World-class choir performs Advent songs in virtual reality
To help parishioners away from society get the full Christmas experience, the Church of England is releasing performances of Advent carols in virtual reality – and it’s not just people trying to avoid it. COVID-19 who benefit from it.
The challenge: About 50% of the British population identify as Christian, and although most do not attend church regularly, if they do, it will be around Christmas, when the birth of Jesus is celebrated with historical reenactments and songs. Advent songs.
However, the pandemic makes it difficult to maintain this tradition.
While there are no legal restrictions on church attendance in the UK this year (unlike 2020), some people will not be comfortable in crowds at this time, especially if they are high. risk of COVID-19.
Almost Christmas: To ensure that devotees do not miss the Christmas experience, many places of worship have adopted live streaming services.
But part of the attraction of going to church is the feeling of being in a church, surrounded by fellow believers.
To better recreate this experience this holiday season, the Church of England is releasing VR Advent song performances.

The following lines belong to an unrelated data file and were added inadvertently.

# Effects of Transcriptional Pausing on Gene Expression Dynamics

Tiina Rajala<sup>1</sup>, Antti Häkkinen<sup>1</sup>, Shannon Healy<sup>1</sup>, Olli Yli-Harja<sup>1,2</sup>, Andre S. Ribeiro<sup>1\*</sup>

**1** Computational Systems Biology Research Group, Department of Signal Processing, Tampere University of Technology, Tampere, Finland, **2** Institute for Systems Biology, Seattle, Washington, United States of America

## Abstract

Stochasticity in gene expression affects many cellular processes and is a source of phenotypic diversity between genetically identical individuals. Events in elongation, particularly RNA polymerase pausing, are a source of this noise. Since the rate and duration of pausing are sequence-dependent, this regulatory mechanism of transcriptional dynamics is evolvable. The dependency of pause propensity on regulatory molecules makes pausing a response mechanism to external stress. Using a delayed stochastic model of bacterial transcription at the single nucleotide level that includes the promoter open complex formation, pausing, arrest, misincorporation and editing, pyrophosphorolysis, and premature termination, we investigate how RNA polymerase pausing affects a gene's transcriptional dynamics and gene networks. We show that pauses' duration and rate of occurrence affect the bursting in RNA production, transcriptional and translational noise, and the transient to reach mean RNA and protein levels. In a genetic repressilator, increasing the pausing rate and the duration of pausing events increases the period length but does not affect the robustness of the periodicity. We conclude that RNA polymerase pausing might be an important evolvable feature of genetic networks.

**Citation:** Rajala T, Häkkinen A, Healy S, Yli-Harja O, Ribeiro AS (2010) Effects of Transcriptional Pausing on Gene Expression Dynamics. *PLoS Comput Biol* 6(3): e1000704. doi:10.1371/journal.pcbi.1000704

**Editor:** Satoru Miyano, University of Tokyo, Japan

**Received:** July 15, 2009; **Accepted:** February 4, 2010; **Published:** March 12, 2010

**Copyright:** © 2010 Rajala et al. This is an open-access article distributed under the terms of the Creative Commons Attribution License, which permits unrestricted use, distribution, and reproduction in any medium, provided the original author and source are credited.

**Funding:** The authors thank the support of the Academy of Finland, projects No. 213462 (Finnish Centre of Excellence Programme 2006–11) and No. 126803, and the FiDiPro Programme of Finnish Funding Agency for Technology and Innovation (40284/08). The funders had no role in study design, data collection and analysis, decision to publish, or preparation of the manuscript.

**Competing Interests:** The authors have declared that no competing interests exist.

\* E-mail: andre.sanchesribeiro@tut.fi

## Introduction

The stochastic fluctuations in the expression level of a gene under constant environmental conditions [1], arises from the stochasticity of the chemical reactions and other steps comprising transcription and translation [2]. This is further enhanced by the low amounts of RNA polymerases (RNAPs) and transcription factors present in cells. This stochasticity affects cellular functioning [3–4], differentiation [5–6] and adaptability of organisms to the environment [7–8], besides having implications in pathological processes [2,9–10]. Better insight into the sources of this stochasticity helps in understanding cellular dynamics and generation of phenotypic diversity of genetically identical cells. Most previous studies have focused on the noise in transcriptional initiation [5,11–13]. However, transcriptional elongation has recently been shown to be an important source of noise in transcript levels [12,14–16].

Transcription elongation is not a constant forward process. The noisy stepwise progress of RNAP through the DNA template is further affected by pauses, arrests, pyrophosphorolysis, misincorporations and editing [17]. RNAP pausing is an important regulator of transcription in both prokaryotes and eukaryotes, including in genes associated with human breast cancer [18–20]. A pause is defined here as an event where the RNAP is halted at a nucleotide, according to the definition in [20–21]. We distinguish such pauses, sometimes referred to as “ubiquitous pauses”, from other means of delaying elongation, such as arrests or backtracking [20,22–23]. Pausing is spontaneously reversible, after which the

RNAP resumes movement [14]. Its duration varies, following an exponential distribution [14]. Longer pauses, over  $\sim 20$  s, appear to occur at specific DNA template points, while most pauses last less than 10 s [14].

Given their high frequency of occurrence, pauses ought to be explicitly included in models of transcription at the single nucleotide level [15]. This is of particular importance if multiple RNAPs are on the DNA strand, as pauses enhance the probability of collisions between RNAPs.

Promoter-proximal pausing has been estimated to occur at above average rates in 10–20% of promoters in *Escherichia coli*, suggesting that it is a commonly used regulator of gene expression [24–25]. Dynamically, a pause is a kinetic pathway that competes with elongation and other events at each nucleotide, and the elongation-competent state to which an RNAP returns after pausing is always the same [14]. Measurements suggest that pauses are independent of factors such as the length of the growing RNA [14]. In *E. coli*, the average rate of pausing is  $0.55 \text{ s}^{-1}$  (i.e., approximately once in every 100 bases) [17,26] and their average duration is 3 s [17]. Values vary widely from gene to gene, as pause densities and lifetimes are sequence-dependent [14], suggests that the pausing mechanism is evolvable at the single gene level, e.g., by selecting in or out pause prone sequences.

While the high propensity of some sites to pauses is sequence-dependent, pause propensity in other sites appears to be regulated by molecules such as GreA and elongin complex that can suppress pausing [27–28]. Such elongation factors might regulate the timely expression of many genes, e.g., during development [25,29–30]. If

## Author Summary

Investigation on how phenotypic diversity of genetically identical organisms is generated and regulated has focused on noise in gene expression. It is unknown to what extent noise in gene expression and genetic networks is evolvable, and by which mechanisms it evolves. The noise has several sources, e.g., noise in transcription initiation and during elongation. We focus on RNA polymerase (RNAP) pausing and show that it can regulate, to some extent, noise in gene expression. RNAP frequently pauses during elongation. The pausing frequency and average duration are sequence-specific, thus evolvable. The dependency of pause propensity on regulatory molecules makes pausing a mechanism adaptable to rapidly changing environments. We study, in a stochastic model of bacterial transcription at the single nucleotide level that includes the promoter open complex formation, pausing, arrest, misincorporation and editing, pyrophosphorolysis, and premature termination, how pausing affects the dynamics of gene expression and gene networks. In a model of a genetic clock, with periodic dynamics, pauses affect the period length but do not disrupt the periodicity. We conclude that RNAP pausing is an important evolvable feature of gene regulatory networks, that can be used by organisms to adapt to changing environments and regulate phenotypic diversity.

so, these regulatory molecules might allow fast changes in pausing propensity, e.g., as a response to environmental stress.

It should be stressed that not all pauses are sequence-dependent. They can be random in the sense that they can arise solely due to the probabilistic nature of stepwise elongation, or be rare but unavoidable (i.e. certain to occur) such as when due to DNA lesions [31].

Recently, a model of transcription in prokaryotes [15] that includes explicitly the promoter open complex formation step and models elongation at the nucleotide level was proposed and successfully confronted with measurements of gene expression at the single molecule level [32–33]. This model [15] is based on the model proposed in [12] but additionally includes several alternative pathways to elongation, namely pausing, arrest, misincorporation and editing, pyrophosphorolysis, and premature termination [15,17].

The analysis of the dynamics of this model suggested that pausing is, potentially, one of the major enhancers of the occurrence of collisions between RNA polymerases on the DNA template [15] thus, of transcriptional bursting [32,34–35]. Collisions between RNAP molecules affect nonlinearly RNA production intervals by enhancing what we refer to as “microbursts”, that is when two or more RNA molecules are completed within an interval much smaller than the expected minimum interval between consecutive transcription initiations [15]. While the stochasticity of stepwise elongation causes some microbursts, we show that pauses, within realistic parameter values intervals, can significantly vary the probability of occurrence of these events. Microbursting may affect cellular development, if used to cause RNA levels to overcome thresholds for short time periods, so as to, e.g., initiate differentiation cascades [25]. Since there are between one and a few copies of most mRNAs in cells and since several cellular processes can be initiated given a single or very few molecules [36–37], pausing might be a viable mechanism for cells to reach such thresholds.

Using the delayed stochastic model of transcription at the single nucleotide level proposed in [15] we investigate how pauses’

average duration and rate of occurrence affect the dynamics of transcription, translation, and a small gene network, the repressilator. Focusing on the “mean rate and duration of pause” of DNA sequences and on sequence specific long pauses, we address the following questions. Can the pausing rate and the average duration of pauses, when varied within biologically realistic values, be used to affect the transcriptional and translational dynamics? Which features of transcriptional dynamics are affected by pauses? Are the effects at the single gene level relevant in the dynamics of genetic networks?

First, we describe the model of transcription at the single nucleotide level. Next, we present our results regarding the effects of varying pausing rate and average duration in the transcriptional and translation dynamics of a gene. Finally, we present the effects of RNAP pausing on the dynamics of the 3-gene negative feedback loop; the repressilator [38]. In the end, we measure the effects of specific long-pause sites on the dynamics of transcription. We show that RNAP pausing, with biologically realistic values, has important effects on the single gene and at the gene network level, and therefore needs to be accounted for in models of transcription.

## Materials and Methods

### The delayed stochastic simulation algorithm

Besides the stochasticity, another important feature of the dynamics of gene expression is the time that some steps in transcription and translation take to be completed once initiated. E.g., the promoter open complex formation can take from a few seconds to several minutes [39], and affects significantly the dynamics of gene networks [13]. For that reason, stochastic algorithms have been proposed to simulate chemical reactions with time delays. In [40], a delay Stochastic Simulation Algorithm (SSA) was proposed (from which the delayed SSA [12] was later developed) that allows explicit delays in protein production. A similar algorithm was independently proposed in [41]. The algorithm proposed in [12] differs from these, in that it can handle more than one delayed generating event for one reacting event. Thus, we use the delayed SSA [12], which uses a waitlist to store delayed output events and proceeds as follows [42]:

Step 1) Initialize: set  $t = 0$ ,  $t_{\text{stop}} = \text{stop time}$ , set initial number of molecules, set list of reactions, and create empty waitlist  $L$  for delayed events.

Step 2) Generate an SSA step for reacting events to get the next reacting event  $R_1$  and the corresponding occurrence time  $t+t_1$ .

The details: St. Martin’s Voices, a professional ensemble based at St Martin-in-the-Fields Church in London, sings Christmas carols under the direction of Andrew Earis.
The performances were recorded and uploaded to YouTube as 360-degree videos, meaning anyone with access to an internet browser can listen to the singers and visually explore the space around them.
If you watch the performance with a VR headset, however, it feels like you’re standing right in front of the singers. You can turn your head to look around the historic church and lift your head to admire its decorative ceiling.
Beyond the pandemic: While the pandemic has spurred the recent increase in online offerings from churches, it’s not just people at high risk of COVID-19 who are benefiting – those who find it difficult to attend in-person services due to a handicap are too.
“Worship often involves going to a building at a set time on a set day, sitting in a certain way with certain people,” Church of England vicar Charlotte Cheshire told BBC News.
“I certainly hope that as many ministers and churches as possible will continue to do so.”
This can be difficult for Adam, the 11-year-old son from Cheshire, who has learning difficulties and several health issues including autism and asthma. Adam is a huge fan of Advent carols, so Cheshire is thankful that he was able to enjoy the VR performances.
“Obviously, I’m not the only one having difficulty accessing a church building,” she said. “I certainly hope that as many ministers and churches as possible will continue to do this… because I think it is essential for inclusion.”
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